Empty Bottles

“Empty Bottles” is a long-winded poem on the drunkards’ middens of the Northern Territory, written in 1893 by William Aaron Millikan, my mother’s father’s father. When I first read his poem a few years ago, I was not enamoured of it’s form. It must be some kind of poetic convention of his day, I thought, and set about rewriting it to make it flow better! Rather presumptuous, but my attempts were not an improvement, so I put it aside.

Just tonight, I came across the poem The Raven written in 1849 by American poet Edgar Allan Poe, with it’s “nevermore” refrain. Aha! The form that great-granddad ripped off!  OK. Time to share William’s poem, warts and all.

“Empty Bottles” is a glimpse into a white man’s wowser perspective at the end of the 19th century in a remote part of Australia where Aborigines worked on their confiscated lands for no pay, no thanks and no rights, and Chinese immigrant workers (“John”) were resented by the drunkard white population because they were hard-working, reliable, entrepreneurial and generally good citizens.

Australia’s white colonial history is ugly, and so is its ongoing legacy. The poem was first published in the Northern Territory Times and Gazette in 1893, and reprinted in The Sydney Bulletin* with this comment:

“Whoever Millikan is, he has a fine eye for a point and a moral, and the Bulletin wants to hear from him again. Since [his poem] was written, a shipload of these “Empty Bottles” have been brought away from the Northern Territory, viz., 72,000 dozen.”

“Empty Bottles”  by William Aaron Millikan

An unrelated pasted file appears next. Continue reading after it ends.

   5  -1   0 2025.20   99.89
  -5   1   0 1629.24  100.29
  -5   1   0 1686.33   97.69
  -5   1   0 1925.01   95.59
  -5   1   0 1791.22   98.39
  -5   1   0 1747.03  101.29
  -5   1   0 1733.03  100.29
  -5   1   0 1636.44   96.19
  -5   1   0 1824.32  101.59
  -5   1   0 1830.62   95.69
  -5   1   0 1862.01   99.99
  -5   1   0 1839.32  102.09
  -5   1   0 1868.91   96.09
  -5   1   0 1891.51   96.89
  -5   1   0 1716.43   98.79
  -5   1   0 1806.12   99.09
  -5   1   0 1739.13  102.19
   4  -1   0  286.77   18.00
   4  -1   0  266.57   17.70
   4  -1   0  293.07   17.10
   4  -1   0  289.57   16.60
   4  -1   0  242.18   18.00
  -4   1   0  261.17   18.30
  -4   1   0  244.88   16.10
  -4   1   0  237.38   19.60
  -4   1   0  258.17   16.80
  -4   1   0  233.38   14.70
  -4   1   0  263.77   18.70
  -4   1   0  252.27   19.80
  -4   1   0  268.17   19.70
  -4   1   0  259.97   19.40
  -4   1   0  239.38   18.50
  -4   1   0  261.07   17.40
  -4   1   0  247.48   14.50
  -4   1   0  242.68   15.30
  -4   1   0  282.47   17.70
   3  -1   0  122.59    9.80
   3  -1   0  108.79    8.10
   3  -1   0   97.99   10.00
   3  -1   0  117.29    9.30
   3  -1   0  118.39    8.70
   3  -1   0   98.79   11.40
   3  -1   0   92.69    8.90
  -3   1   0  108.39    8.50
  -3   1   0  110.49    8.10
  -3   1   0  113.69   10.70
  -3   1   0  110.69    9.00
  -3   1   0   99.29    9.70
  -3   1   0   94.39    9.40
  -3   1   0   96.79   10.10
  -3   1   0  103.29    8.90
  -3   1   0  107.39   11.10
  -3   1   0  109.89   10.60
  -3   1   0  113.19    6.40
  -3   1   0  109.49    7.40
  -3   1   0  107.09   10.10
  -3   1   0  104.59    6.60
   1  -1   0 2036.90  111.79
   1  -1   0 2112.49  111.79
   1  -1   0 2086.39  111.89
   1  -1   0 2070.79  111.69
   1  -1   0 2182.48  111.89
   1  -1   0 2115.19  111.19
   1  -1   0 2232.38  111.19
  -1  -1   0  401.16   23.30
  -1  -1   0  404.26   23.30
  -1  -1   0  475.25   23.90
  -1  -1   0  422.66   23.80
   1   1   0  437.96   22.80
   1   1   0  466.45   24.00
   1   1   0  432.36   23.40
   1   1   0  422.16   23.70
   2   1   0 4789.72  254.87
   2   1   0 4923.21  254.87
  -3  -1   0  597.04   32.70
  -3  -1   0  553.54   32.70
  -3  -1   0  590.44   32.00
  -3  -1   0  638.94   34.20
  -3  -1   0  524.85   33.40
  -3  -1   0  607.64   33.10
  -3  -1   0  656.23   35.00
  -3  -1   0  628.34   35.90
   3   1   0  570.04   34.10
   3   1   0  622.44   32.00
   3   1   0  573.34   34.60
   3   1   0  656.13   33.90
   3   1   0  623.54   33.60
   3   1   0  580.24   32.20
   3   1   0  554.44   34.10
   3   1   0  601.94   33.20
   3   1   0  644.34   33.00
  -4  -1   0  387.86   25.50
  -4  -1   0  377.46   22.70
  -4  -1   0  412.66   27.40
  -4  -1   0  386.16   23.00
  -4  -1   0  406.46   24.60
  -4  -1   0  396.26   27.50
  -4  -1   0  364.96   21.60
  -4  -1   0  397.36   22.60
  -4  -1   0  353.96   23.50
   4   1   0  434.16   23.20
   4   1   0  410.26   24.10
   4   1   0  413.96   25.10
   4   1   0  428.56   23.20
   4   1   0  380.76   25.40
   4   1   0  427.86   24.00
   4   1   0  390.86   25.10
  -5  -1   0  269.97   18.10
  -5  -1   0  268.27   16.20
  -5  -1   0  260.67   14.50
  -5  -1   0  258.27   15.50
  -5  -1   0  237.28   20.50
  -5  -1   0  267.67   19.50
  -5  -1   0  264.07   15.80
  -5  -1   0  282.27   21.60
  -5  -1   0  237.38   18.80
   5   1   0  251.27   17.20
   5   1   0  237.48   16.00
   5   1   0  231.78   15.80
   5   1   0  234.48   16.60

Bottles everywhere, just teeming, lying all about, and seeming
To be ever, ever dreaming of the days that are no more!
And I camped each night, a rover, as I trod the country over,
Hardly finding room to lay me for them, as I sought the shore,
Each day finding, as I sought Australia’s farthest northern shore.
Empty bottles on before.

On the burning plains they’re scattered, and where miners rocks have shattered;
On stations, and away inland, beside the deep artesian bore;
From whence we too often borrow ghastly tales of trials and sorrow.
Trials of those who know no morrow, who ended life in blood and gore,
But how came their life, so precious, to shudder out in blood and gore?
Contents of bottle — nothing more.

‘Neath the darksome jungle’s shutter, where the wood-doves flirt and flutter.
Where Dame Nature pours profusion of bounties from her goodly store —
There I saw them, vigils keeping, shining backs forever peeping
From the grass where I beheld them, veritable ghosts of yore;
And a voice behind me whispered: “From the festive days of yore
Empty bottles — nothing more.”

Again upon my journey starting, with the feeling on me darting,
On my heart already smarting, smarting to its inmost core-
That N.T., so vainly vaunted, had its gruesome tales of haunted,
Of haunted spots, reminders of the dead and old forgotten lore;
And what could solve the mystery of these spots, this old forgotten lore?
Empty bottles — nothing more.

So the cue thus found I followed, as I trod o’er ground all hallowed
To enrich Chinese who wallowed where white men had heretofore
Worked the mines with proper methods, but had sunk before the slipshods.
“What could be the cause?” I shouted, “Tell me, tell me. I implore?”
And the voice beside me echoed: “Tell me, tell me, I implore? —
Bottles, bottles! — nothing more.”

Days had come in olden Southport, when the bottles gave great mouth sport;
And their drinkers daily stretched out, stretched them out upon the floor.